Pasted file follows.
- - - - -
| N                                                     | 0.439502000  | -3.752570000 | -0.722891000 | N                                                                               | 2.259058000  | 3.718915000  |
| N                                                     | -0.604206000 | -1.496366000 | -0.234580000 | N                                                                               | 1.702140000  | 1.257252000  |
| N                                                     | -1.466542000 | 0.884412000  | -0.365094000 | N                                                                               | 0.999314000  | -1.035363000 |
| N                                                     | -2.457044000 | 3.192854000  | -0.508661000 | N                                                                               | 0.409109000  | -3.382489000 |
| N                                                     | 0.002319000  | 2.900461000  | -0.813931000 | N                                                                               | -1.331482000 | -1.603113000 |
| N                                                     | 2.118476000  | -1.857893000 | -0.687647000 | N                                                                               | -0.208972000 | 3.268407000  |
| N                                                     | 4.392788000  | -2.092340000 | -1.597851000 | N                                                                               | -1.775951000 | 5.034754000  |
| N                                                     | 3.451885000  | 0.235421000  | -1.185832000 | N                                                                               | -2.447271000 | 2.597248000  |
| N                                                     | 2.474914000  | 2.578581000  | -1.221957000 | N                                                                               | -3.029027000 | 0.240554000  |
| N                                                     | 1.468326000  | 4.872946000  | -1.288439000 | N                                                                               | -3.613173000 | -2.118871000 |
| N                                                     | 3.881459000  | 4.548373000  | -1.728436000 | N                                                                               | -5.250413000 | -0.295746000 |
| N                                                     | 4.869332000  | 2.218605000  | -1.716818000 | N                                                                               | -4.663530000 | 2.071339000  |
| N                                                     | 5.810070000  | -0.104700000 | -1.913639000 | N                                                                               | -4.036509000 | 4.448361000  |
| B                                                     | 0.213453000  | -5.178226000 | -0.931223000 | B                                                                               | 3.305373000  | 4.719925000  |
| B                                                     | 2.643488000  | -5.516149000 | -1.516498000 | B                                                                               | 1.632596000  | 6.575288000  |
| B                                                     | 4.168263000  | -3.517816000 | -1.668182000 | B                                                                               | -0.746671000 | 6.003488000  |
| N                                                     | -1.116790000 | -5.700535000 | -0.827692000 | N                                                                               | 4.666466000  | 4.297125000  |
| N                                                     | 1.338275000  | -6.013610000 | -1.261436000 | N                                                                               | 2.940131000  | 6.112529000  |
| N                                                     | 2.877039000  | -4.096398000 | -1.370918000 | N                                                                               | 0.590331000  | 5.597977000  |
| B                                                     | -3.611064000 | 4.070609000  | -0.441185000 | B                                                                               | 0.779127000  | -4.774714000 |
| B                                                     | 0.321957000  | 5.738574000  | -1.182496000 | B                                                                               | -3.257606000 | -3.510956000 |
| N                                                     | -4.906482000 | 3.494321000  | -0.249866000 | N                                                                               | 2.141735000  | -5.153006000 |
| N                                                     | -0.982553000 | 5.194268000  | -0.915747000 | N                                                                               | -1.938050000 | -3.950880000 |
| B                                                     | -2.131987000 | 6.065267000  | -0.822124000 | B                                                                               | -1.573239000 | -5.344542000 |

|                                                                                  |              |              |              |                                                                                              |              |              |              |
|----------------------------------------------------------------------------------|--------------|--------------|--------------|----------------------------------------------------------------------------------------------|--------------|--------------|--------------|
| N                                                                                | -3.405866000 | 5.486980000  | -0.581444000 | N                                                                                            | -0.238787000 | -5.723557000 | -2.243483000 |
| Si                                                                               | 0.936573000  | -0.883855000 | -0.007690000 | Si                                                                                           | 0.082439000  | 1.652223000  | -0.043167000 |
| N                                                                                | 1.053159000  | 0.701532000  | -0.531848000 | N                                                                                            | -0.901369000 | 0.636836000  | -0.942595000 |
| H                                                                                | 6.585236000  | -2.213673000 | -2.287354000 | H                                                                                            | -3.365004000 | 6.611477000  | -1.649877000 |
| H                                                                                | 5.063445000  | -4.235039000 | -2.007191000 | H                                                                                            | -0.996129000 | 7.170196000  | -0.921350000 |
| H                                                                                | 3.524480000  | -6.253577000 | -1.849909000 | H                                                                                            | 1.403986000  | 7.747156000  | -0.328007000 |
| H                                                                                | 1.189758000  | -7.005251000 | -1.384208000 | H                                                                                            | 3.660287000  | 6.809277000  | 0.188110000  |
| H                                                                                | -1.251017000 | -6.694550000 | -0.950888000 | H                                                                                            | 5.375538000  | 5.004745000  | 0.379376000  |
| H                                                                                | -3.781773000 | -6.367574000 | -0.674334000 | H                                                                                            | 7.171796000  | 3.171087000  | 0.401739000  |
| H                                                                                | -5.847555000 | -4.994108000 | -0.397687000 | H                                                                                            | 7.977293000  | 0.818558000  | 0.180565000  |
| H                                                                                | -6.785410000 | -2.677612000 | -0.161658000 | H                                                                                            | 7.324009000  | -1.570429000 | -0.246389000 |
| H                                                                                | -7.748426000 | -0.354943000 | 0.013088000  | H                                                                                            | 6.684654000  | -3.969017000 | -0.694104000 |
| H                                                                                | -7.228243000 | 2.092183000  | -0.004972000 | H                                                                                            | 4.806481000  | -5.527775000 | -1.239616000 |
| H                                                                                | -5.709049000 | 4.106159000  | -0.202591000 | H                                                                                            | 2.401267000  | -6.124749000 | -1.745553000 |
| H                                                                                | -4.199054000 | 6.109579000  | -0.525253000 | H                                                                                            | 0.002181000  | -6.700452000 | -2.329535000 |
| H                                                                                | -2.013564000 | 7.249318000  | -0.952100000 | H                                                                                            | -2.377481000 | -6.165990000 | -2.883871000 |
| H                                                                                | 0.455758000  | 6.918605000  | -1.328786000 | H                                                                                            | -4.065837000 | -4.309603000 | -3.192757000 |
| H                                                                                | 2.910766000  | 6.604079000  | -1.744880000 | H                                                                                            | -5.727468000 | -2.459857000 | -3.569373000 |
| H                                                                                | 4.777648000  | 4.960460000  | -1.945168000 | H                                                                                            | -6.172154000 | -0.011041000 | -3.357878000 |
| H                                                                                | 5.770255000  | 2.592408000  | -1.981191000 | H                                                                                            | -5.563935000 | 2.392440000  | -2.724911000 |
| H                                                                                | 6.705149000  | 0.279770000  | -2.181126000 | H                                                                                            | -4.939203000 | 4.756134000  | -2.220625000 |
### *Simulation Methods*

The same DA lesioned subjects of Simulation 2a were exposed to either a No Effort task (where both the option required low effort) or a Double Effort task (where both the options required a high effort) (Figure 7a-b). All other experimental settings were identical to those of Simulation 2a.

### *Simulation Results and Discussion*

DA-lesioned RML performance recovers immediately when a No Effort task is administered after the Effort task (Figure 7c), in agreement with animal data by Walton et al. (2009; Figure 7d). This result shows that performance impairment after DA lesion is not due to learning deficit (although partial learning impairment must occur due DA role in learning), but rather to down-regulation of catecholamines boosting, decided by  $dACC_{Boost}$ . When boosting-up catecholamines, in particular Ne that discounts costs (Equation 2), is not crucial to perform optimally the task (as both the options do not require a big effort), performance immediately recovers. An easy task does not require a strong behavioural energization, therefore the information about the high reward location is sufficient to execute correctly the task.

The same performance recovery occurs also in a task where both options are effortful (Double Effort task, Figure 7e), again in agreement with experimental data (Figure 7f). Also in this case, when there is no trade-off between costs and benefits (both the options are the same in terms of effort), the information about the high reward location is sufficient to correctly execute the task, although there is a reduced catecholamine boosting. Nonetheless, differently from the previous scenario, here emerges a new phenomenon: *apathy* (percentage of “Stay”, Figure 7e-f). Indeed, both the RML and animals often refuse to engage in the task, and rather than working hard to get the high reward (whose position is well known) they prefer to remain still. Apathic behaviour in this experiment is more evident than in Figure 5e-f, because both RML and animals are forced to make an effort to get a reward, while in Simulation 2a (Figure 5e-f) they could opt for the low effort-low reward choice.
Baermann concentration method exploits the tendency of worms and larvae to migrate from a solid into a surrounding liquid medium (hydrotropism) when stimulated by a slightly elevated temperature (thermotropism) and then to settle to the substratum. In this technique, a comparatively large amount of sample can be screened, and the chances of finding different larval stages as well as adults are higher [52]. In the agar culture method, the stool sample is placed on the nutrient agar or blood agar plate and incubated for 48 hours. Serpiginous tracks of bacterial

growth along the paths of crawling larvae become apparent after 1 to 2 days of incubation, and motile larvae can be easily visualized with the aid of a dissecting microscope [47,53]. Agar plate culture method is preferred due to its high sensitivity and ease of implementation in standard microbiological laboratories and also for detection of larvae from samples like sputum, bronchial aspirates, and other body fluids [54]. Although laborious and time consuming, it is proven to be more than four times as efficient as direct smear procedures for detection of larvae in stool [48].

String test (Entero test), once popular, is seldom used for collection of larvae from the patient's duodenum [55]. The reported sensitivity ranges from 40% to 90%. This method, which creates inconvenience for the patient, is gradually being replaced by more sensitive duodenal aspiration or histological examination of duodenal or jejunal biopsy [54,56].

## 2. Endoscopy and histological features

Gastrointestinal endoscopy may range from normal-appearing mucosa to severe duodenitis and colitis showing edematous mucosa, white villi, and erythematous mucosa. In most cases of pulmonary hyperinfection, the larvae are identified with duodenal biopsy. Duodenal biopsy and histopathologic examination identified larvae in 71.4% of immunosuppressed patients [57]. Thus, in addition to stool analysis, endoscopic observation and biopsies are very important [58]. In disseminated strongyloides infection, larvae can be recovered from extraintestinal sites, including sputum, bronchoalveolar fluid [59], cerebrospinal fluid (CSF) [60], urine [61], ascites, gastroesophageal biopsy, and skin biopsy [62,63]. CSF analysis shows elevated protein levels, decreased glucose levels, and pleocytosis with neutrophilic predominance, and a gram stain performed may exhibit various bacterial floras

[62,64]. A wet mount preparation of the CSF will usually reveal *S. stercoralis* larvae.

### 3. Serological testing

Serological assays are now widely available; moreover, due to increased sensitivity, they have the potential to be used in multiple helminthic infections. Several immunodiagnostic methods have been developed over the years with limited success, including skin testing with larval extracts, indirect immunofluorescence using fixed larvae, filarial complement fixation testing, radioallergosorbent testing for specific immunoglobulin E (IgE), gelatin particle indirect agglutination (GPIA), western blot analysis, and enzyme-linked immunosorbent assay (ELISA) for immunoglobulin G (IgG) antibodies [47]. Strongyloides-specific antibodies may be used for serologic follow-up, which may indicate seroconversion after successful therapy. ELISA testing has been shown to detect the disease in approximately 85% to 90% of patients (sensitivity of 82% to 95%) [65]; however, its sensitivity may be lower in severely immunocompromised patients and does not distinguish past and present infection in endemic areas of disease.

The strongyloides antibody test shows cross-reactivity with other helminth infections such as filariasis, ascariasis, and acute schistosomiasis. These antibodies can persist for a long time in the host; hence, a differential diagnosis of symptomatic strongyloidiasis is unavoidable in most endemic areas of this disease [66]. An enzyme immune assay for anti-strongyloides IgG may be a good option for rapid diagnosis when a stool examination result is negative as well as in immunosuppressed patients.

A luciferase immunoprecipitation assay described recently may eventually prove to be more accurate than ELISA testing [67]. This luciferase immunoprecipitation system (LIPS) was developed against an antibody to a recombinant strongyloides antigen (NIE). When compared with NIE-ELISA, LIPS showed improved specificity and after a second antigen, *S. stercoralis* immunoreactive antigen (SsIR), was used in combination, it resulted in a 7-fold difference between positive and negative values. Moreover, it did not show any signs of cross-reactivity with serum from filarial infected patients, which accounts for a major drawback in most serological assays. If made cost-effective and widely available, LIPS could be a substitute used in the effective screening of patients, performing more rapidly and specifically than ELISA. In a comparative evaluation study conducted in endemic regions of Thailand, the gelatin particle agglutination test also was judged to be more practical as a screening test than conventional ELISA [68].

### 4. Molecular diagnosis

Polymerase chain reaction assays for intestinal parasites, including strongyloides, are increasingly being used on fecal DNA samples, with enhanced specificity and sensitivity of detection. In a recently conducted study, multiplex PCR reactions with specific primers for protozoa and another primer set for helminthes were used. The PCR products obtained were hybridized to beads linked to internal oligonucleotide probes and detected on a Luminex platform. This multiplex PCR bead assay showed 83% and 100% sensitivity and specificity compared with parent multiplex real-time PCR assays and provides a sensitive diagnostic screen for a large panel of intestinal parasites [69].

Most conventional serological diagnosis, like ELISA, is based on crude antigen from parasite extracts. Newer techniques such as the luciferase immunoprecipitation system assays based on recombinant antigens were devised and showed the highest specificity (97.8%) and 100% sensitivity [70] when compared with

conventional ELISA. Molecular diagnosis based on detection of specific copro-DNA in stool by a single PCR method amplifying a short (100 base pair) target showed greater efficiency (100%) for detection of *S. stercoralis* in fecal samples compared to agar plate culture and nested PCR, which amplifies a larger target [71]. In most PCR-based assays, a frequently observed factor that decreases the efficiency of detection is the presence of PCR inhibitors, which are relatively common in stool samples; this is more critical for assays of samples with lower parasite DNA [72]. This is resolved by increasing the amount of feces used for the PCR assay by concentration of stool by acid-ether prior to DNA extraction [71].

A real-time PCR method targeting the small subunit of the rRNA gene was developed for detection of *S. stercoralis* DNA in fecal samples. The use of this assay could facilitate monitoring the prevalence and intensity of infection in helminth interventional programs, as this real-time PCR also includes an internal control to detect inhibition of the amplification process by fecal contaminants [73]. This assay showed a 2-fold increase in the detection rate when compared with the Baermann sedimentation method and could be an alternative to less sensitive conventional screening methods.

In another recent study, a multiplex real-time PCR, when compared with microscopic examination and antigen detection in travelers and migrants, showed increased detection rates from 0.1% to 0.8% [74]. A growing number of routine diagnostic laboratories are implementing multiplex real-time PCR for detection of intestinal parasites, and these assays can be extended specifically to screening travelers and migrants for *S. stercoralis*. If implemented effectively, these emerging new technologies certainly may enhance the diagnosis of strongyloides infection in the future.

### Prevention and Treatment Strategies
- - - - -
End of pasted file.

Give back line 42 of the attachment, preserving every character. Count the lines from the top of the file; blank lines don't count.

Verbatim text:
| H                                                                                | -2.013564000 | 7.249318000  | -0.952100000 | H                                                                                            | -2.377481000 | -6.165990000 | -2.883871000 |